Fish swimming together fare better in turbulent waters

Groups of fish give a schooling to solitary travelers--they expend 79 percent less energy.
Laura Baisas Avatar
a school of yellow and white swim near a reef
Swimming in schools may help some fish evade predators, coordinate hunting, and even weather turbulent waters.

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Schooling fish including zebrafish, rainbowfish, and opahs/moonfish like to stick together in the big blue. Scientists believe that traveling in schools has numerous evolutionary benefits, but it also could be more beneficial to their general movements. They also may have an easier time swimming through the ocean’s more turbulent waters than those that go it alone. The findings are described in a study published June 6 in the open-access journal PLOS Biology.

Do the locomotion

Locomotion–the way animals move from one place to another–is critical to several aspects of their behavior. Various movements are needed during their migration periods, reproduction, and when feeding. Many species have different adaptations to make moving around more efficient to compensate. Fish have sleek and streamlined bodies that create little resistance in the water, scales that allow for flexible movements and physical protection, and gills that extract oxygen.

“Generating movement through the environment is one of the defining features of animals. Yet the environment can be very challenging with obstacles and animals often face difficult conditions that increase the cost of movement,” study co-authors and evolutionary biologists Yangfan Zhang and George Lauder of Harvard University, tell Popular Science.

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Scientists in different fields have proposed several hypotheses for why the collective movements of animals are beneficial. It could enhance mating success, help them avoid predators, or make it easier for animals to communicate when finding food.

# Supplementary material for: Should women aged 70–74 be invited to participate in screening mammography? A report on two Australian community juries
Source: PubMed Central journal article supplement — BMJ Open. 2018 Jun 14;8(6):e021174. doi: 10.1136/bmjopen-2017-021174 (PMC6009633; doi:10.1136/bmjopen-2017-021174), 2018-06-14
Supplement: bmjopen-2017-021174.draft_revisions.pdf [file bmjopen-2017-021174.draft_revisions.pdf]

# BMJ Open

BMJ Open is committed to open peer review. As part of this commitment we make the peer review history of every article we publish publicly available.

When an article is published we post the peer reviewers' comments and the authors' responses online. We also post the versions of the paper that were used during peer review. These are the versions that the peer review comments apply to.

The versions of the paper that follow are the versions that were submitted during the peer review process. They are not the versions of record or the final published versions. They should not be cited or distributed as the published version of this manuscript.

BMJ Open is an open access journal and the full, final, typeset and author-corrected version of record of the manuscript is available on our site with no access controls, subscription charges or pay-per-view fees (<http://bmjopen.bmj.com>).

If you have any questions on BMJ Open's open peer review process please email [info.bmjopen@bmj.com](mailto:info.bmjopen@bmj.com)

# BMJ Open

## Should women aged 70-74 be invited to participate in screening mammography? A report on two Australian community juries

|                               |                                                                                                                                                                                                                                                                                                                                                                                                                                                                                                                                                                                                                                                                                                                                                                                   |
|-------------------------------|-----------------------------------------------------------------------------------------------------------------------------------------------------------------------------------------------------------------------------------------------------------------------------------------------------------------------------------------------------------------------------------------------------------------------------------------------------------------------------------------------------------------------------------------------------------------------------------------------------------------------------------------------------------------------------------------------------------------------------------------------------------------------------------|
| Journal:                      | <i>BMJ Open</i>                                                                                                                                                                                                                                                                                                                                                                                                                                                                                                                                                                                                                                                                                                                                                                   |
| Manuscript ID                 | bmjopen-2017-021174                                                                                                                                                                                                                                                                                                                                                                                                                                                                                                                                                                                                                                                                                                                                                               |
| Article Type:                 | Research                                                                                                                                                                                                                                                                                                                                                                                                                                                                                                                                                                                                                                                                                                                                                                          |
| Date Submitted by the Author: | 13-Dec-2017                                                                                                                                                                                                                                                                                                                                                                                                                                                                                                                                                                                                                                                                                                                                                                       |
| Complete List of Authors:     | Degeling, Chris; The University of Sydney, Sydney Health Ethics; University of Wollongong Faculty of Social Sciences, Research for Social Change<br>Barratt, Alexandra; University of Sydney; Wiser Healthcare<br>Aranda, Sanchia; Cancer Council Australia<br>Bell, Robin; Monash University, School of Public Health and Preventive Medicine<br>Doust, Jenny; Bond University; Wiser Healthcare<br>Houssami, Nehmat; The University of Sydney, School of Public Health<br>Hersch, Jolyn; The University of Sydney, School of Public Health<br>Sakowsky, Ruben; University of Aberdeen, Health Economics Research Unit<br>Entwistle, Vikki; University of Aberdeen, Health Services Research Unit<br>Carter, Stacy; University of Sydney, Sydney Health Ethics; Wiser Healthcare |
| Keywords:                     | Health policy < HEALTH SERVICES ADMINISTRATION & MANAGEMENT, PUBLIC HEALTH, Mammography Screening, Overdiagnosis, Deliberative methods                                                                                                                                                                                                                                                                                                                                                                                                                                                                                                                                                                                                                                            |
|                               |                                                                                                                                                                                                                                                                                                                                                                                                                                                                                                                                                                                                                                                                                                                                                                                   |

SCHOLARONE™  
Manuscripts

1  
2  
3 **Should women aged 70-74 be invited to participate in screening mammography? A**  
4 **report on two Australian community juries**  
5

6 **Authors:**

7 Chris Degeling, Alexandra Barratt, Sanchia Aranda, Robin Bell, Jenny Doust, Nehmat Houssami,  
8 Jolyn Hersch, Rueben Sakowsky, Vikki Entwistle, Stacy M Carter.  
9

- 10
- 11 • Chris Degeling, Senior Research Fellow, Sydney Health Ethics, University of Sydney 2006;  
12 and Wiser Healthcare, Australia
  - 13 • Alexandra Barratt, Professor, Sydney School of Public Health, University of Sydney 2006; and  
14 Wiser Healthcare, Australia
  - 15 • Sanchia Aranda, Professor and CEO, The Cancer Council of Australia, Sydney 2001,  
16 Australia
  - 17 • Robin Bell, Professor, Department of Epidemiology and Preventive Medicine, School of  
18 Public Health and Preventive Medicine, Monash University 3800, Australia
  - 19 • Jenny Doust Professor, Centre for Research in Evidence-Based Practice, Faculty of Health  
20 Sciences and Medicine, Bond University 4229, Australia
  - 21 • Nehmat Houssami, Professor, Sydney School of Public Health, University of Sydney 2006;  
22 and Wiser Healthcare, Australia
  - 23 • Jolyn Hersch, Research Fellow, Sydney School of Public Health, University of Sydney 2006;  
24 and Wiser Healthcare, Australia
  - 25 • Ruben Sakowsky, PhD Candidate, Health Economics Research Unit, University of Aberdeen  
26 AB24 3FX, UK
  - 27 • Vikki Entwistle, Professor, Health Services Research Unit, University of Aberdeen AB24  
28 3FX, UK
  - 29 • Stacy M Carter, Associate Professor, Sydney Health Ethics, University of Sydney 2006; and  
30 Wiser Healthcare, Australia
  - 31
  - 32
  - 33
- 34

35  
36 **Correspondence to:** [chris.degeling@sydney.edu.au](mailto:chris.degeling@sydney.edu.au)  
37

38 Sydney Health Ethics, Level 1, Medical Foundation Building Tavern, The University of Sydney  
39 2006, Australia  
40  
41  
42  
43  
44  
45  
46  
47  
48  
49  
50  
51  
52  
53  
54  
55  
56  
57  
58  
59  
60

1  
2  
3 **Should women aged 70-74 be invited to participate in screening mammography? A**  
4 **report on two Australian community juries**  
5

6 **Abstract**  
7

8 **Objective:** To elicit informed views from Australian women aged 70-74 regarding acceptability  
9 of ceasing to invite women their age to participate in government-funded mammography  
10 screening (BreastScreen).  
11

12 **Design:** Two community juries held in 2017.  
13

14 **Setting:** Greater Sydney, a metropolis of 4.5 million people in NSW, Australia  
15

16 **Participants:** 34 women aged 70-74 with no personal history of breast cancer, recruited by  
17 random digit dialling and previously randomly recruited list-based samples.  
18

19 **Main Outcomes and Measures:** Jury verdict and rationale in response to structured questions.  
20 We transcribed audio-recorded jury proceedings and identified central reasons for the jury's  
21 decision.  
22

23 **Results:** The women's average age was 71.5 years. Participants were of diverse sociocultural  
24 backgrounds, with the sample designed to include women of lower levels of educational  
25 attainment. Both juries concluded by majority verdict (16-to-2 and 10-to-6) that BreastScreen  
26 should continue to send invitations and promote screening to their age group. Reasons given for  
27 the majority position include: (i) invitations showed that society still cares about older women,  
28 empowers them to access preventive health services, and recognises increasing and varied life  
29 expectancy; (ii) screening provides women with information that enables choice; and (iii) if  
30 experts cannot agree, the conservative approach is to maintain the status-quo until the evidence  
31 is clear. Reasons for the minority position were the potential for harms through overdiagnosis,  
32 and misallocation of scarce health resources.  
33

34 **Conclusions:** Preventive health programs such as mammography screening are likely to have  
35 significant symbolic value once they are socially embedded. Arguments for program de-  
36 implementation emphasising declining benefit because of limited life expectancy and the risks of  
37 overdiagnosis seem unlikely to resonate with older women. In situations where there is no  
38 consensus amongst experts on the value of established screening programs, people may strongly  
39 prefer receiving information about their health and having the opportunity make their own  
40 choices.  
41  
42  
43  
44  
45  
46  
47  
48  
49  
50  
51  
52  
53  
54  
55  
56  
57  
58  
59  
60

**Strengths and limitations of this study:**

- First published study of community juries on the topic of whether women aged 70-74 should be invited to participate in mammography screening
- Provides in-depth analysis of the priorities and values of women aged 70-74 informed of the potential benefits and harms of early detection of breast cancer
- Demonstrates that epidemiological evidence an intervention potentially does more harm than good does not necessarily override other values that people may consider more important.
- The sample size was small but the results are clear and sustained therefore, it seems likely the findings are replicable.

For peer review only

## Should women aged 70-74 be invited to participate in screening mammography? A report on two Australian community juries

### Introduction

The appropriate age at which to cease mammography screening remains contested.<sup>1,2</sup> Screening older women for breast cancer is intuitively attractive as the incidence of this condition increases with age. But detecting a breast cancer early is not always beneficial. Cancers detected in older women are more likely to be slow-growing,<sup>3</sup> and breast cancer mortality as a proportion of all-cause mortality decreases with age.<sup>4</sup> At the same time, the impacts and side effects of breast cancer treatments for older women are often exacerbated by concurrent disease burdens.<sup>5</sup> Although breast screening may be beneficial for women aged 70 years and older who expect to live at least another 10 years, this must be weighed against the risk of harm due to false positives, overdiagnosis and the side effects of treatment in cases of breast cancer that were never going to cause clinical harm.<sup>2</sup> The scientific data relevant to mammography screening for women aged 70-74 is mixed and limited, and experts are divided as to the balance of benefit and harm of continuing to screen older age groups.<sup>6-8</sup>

In this study, the team proposes a new hypothesis for navigating more challenging waters. Their turbulent sheltering hypothesis suggests that traveling in schools allows fish to shield each other from more disruptive water currents. 

“The turbulence sheltering hypothesis has not been previously proposed so this study is the first to both propose and test it,” says Zhang. “For many years now, there have not been any substantially new ideas on why fish in particular might school and move as a collective group.  The turbulence sheltering hypothesis provides a new idea for why fishes might gain an energetic advantage by moving as a school.”

Testing the turbulence sheltering hypothesis

To put this hypothesis to the test, the team ran trials with giant danios (Devario aeqipinnatus). These types of carp regularly swim in schools and are only about one to two inches long, despite the superlative in their name. The team observed the danios swimming alone or in groups of eight in both turbulent and more steadily flowing water. High-speed cameras captured the animals’ movements as they swam and the team simultaneously measured the fishes’ respiration rate and energy expenditure.

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They found that the schooling fish spent up to 79 percent less energy when swimming in turbulent water compared to swimming alone. Schooling fish also clustered more closely together in the turbulent water compared to the more steady streams. Solitary fish had to beat their tails more vigorously to keep their same speed in more turbulent currents.

This activity is somewhat similar to competitive cyclists drafting off of one another during a triathlon to reduce drag. 

“A significant difference between humans in a triathlon, or cyclists moving behind each other and benefiting from the reduced flow (called a drag wake) is that fish are accelerating the flow behind them,” says Zhang. “Previous research has shown that fish can even benefit from thrust wake (an increased fluid velocity). Fish move a bit more elegantly through the fluid than humans.”

‘Dramatic benefits’

The results add some support to the turbulence sheltering hypothesis, indicating that locomotion efficiency might be a driving factor behind whey schooling behavior evolved. 

“The most surprising part of the study is the dramatic benefits that moving in a group confers when fish swim in turbulence,” says Zhang. “It’s much, much, better to swim in a school if the environmental flows are turbulent and challenging than it is to swim as a solitary individual. 
In future experiments, the team plans to conduct experiments to understand what specific mechanisms enable energy saving in individual animals when they move within a group. This data is valuable in general for understanding fish ecology and the fundamentals of hydrodynamics. It could also potentially be applied to the design and maintenance of habitats that are meant to harbor protected fish species or to hinder more invasive ones.